Tuesday, January 27, 2004
Ed, my brother, has dementia. I'm his guardian. Today I drive the truck to Ed's house in Albany to meet the new nurse, Sasha. Ed already has a live-in caregiver but lately he's been more challenging, so I hired Sasha.
Sasha has turned the furnace up full blast. It's stiflingly hot. Ed is sitting in his favorite easy chair trying to watch Chinese television. He knows many languages, though in his current state he can barely speak English. Sasha is trying to draw a blood sample from his sweaty arm. Ed is not cooperating. He tells Sasha, "You have no brain." Even in his dementia he knows something that isn't yet obvious to me.
For a moment Ed glares at me. Get her out of here, he says without opening his mouth. Ed and I are telepathic. I don't mean that in a woo-woo way. We simply know each other's thoughts. With the dementia it becomes more and more difficult, but sometimes it still happens.
At Sasha's request I remove the sliding door from the bathtub and install shower curtains. I've already installed grab bars. Ed's house was built in the 1930's and has never been upgraded. Some of the ceiling plaster is caving in. The roof leaks. I'm fixing things as fast as I can.
I stop work at the end of the day. Sasha never succeeded in drawing blood. She's shaking. When Ed lifts his arm, she flinches. I realize: She's scared of him.
As Sasha is leaving, I meet with her on the front porch. "This isn't working out," I say.
"You need to put him in a skilled nursing facility," she says. "The doctor says he has half a year, one year max. His body is shutting down. You know that."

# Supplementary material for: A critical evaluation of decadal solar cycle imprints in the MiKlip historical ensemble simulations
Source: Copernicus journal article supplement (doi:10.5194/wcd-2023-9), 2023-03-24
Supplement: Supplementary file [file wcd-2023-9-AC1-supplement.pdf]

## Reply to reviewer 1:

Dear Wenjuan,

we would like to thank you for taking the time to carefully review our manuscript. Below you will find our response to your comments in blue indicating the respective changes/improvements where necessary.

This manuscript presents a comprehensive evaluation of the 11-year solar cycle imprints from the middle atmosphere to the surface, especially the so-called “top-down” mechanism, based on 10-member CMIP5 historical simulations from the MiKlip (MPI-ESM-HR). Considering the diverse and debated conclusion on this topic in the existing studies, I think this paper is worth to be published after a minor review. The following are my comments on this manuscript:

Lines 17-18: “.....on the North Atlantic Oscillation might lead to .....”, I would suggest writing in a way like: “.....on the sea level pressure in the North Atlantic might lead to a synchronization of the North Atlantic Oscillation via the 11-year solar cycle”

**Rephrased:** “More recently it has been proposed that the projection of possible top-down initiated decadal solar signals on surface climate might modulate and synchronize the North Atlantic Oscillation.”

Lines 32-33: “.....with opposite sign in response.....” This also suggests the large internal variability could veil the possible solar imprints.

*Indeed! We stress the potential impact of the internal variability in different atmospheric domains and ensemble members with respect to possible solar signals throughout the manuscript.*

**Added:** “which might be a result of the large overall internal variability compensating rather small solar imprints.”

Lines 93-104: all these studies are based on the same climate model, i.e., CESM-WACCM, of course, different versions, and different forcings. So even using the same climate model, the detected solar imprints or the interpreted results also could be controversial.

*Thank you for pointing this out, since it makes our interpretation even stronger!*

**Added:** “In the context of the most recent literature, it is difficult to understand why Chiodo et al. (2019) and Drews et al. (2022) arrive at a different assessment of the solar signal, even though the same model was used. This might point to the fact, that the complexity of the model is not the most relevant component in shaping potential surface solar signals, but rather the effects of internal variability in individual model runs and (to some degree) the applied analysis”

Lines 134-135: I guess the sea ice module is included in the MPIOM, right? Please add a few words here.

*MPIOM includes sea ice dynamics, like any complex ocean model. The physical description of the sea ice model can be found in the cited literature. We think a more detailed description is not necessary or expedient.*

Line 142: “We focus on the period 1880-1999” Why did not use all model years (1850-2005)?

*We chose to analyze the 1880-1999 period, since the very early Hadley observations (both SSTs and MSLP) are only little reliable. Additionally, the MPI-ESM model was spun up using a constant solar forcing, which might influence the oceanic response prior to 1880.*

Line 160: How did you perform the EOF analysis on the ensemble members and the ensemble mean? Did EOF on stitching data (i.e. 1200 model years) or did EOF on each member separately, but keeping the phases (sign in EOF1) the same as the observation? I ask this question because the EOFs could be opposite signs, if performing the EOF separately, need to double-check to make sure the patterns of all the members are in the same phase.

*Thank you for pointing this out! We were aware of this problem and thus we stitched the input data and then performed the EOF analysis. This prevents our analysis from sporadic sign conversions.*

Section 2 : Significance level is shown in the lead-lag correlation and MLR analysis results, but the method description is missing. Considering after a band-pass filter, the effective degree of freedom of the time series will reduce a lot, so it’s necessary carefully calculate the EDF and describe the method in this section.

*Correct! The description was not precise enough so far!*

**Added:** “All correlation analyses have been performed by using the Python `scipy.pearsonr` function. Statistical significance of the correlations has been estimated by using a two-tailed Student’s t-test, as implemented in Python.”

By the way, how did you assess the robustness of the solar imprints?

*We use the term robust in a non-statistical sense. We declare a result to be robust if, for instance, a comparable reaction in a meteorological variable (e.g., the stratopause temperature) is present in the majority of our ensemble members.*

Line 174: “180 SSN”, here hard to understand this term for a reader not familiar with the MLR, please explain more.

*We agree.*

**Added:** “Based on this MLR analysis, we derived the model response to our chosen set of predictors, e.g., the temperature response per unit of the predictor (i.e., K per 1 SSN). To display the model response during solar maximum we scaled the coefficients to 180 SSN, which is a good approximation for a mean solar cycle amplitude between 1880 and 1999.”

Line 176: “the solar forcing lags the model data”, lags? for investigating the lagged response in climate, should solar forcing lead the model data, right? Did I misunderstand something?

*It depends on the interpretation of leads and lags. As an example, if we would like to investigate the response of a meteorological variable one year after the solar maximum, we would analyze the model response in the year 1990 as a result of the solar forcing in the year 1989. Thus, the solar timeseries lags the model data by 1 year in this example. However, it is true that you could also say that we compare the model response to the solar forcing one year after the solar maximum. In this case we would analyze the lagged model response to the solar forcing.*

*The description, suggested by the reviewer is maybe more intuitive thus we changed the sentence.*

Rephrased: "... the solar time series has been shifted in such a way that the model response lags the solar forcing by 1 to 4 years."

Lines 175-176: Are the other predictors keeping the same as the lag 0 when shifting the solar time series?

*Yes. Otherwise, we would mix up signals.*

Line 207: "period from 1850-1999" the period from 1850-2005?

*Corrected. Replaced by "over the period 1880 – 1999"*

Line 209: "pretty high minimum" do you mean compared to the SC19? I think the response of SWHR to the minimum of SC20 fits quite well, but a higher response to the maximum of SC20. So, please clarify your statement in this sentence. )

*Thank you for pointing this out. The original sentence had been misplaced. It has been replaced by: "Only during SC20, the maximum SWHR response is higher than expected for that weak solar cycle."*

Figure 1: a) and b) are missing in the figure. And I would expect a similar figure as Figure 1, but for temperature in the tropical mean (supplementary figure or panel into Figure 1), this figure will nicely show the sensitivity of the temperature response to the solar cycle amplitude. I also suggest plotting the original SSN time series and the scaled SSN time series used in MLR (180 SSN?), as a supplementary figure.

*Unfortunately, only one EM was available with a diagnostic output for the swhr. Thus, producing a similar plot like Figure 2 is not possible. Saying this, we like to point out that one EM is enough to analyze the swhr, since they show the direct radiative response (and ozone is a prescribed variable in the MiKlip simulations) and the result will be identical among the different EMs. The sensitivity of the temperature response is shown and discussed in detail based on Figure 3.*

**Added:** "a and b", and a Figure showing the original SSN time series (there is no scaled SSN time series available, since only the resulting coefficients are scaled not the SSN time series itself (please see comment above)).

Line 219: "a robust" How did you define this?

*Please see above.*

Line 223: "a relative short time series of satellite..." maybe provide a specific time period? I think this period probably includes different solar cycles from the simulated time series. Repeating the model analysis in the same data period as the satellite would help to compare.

"He stays here." I know what he wants. He doesn't care if plaster is falling off the ceiling. He needs this amazing collection of opera and old jazz from rare vinyl to modern CD. He needs to thumb through the books of his massive library, uncomprehending but fascinated. They are a part of him, artifacts of a broad and eclectic mind. He needs the posters of trains on the familiar walls - B&O, Southern Pacific - and the old wooden floors he has paced for 30 years. Take him out of here and he'll die.
That night, I get a call from Adult Protective Services. Sasha has reported me for Elder Abuse.
There's to be an investigation, phone calls, paperwork, all of which will exonerate me. For five more years I'll continue patching his home as if slapping bandages on his psyche, lurching from one emergency to the next, the longest repair job of my career.
At last on Friday, February 27, 2009 Ed will die peacefully in his bed.